Agatha Christie attended the premiere of this film when she was eighty-four years old,

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Albert Finney as enigmatic detective Hercule Poirot in Murder on the Orient Express (1974).

just fourteen months before her death on January 12th, 1976. Murder on the Orient Express (1974) was supposedly the only film adaptation of her novels that she was completely satisfied with, and she praised Albert Finney’s portrayal of the shrewd Hercule Poirot as the closest screen version to her character that she had ever seen (though she was reportedly unhappy with the whimsical moustache that he was given in this film). The film was no walk in the park for lead actor Albert Finney, however, as he was starring in a stage play while filming, and the task of completing both productions allowed Finney hardly any sleep at all. In an attempt to make the actor’s life a little bit easier as he played both parts simultaneously, the makeup department would pick him up every morning in an ambulance and painstakingly transform Finney into Detective Poirot while he was still asleep in his pajamas! To make matters worse for him, Poirot’s famous monologue at the end of the film required take after take as the set did not allow for more than one camera to occupy the cramped train compartment at one time. This of course was no easy feat for the peculiar detective, as his closing speech was over eight pages long.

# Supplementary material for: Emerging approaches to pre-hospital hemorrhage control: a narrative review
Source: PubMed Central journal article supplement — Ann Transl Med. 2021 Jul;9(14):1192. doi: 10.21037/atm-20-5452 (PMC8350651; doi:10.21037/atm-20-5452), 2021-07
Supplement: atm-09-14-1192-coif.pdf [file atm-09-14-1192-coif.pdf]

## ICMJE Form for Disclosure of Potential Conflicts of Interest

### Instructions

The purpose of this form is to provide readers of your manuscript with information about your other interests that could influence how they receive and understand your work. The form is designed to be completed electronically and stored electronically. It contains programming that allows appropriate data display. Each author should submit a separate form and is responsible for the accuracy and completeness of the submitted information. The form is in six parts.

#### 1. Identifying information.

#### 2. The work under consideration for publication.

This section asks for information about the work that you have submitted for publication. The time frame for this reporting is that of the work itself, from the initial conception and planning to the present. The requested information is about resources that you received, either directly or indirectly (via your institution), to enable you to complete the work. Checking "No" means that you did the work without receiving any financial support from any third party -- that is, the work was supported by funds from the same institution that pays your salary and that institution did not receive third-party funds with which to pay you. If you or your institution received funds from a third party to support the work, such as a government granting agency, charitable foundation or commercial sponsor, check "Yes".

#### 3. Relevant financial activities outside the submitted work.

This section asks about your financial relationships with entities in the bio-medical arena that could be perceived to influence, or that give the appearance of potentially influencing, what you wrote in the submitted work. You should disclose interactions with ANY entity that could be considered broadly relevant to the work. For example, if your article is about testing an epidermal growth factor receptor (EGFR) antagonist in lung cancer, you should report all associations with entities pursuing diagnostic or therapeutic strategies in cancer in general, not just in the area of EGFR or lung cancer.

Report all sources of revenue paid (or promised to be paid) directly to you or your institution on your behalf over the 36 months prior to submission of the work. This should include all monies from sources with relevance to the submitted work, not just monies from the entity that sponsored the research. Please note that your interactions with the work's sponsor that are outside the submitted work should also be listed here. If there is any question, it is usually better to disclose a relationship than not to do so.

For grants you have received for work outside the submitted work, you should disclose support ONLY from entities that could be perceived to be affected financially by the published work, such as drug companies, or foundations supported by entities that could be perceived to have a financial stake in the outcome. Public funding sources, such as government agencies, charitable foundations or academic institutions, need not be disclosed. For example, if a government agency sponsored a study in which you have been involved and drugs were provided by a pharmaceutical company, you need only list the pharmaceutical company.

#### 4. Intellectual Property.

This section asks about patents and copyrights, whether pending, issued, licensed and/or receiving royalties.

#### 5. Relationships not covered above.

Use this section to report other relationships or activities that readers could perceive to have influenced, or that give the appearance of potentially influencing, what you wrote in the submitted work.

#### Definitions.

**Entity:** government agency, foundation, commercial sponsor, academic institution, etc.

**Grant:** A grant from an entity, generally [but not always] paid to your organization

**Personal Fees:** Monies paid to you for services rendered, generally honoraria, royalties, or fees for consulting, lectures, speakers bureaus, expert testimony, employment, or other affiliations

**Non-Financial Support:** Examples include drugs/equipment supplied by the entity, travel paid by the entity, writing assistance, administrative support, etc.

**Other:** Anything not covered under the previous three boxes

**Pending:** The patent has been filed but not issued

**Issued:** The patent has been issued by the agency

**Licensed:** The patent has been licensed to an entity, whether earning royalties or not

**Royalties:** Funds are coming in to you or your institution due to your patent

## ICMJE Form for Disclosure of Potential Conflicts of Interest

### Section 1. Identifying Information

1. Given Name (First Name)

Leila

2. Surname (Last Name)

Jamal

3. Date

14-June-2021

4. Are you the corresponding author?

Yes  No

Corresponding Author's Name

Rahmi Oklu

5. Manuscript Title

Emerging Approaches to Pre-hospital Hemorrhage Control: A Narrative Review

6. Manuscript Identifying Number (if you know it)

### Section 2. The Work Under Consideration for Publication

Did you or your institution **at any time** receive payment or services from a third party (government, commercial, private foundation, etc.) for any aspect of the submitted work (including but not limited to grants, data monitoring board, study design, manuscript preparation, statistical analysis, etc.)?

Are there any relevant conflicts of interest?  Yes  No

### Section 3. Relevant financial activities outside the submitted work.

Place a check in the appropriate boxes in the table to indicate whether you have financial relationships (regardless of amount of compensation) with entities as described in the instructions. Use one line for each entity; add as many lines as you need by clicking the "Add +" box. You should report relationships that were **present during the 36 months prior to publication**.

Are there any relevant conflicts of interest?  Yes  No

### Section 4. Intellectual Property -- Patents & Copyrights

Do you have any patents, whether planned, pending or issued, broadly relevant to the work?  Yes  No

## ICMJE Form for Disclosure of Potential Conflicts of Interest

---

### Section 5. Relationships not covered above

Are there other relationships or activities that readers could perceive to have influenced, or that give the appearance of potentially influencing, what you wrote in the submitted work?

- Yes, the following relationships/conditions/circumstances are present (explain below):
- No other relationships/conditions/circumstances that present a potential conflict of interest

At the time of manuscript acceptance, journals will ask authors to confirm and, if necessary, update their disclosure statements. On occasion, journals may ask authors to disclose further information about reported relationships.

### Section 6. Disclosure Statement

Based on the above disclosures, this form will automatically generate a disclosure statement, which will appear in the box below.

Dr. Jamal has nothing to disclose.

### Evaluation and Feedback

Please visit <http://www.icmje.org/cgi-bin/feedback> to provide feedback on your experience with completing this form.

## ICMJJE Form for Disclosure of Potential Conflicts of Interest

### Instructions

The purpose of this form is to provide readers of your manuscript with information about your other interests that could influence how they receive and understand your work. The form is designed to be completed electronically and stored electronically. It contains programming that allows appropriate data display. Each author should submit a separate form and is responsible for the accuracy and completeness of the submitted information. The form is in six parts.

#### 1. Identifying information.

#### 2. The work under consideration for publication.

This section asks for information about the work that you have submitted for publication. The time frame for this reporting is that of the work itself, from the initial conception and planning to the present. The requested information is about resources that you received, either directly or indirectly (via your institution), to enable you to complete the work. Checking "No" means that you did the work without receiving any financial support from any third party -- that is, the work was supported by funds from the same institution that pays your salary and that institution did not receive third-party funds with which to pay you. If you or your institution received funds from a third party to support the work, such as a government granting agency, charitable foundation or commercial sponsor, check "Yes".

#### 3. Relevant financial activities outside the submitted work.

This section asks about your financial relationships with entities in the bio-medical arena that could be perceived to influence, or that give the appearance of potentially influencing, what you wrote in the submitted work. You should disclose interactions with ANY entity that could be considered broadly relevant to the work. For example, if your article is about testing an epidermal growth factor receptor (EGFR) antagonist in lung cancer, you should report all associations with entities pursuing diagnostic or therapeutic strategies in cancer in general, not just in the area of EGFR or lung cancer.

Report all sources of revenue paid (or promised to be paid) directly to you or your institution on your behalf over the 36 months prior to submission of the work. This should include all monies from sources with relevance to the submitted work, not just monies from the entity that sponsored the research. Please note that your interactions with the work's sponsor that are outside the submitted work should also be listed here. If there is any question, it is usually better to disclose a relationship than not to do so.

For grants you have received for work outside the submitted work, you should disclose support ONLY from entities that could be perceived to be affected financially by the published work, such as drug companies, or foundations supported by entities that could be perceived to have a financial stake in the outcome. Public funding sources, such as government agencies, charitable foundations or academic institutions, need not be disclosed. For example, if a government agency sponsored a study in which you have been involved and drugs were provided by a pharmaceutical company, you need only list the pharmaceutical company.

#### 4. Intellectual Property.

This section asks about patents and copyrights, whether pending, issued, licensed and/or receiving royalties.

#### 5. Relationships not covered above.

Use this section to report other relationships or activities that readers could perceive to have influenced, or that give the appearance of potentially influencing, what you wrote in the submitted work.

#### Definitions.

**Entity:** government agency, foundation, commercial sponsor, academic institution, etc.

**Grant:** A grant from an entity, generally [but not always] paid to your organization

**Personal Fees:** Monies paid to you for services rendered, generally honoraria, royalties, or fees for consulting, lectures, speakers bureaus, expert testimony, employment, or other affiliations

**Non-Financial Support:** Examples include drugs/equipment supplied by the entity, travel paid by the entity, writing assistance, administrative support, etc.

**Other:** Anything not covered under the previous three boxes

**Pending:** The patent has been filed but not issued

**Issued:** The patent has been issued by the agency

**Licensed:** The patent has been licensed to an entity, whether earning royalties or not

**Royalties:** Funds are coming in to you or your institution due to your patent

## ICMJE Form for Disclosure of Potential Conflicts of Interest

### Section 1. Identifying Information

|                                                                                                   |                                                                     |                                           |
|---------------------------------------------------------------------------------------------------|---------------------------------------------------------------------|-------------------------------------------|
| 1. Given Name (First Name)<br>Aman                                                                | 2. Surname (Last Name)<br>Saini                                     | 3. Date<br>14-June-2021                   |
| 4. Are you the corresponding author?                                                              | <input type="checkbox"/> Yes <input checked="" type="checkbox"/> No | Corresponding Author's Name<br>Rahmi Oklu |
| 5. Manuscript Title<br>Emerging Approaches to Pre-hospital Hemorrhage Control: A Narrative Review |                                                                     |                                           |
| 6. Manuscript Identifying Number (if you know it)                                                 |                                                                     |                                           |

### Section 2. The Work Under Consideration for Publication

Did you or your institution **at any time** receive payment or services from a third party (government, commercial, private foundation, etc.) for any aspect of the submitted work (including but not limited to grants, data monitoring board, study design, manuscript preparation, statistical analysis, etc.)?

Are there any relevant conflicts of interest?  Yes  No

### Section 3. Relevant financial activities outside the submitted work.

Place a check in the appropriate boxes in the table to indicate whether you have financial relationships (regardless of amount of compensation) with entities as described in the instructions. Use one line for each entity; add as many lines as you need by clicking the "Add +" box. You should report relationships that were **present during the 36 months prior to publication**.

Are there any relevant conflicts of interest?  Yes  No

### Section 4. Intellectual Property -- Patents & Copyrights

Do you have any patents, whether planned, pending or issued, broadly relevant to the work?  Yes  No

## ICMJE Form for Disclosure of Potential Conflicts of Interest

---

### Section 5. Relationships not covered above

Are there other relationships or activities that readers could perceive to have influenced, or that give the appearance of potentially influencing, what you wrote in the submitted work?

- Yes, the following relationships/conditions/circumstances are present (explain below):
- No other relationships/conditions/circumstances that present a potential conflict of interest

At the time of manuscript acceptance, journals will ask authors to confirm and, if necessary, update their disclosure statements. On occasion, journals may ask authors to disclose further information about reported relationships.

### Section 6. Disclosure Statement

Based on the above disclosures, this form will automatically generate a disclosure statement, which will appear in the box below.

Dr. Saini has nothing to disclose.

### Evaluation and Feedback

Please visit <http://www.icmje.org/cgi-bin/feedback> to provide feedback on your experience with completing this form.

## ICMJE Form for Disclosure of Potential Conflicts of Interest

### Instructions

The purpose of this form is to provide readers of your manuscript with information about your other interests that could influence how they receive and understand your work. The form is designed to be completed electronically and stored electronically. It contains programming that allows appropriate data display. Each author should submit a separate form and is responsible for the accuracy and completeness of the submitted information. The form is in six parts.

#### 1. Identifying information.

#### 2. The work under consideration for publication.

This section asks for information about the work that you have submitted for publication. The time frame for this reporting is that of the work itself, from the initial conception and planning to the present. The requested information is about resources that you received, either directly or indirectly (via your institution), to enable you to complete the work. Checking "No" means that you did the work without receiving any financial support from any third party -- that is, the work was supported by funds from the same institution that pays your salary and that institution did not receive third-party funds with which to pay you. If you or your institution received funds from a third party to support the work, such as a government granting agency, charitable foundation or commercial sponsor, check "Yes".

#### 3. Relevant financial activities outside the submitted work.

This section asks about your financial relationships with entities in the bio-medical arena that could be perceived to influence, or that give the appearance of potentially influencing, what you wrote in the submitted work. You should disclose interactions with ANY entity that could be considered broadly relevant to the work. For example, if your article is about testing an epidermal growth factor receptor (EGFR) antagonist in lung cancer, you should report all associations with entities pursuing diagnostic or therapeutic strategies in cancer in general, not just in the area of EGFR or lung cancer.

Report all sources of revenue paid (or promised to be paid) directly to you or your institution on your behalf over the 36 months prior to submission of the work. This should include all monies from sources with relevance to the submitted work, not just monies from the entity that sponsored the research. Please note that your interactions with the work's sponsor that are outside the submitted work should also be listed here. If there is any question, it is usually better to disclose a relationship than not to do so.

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Theatrical poster for Murder on the Orient Express (1974).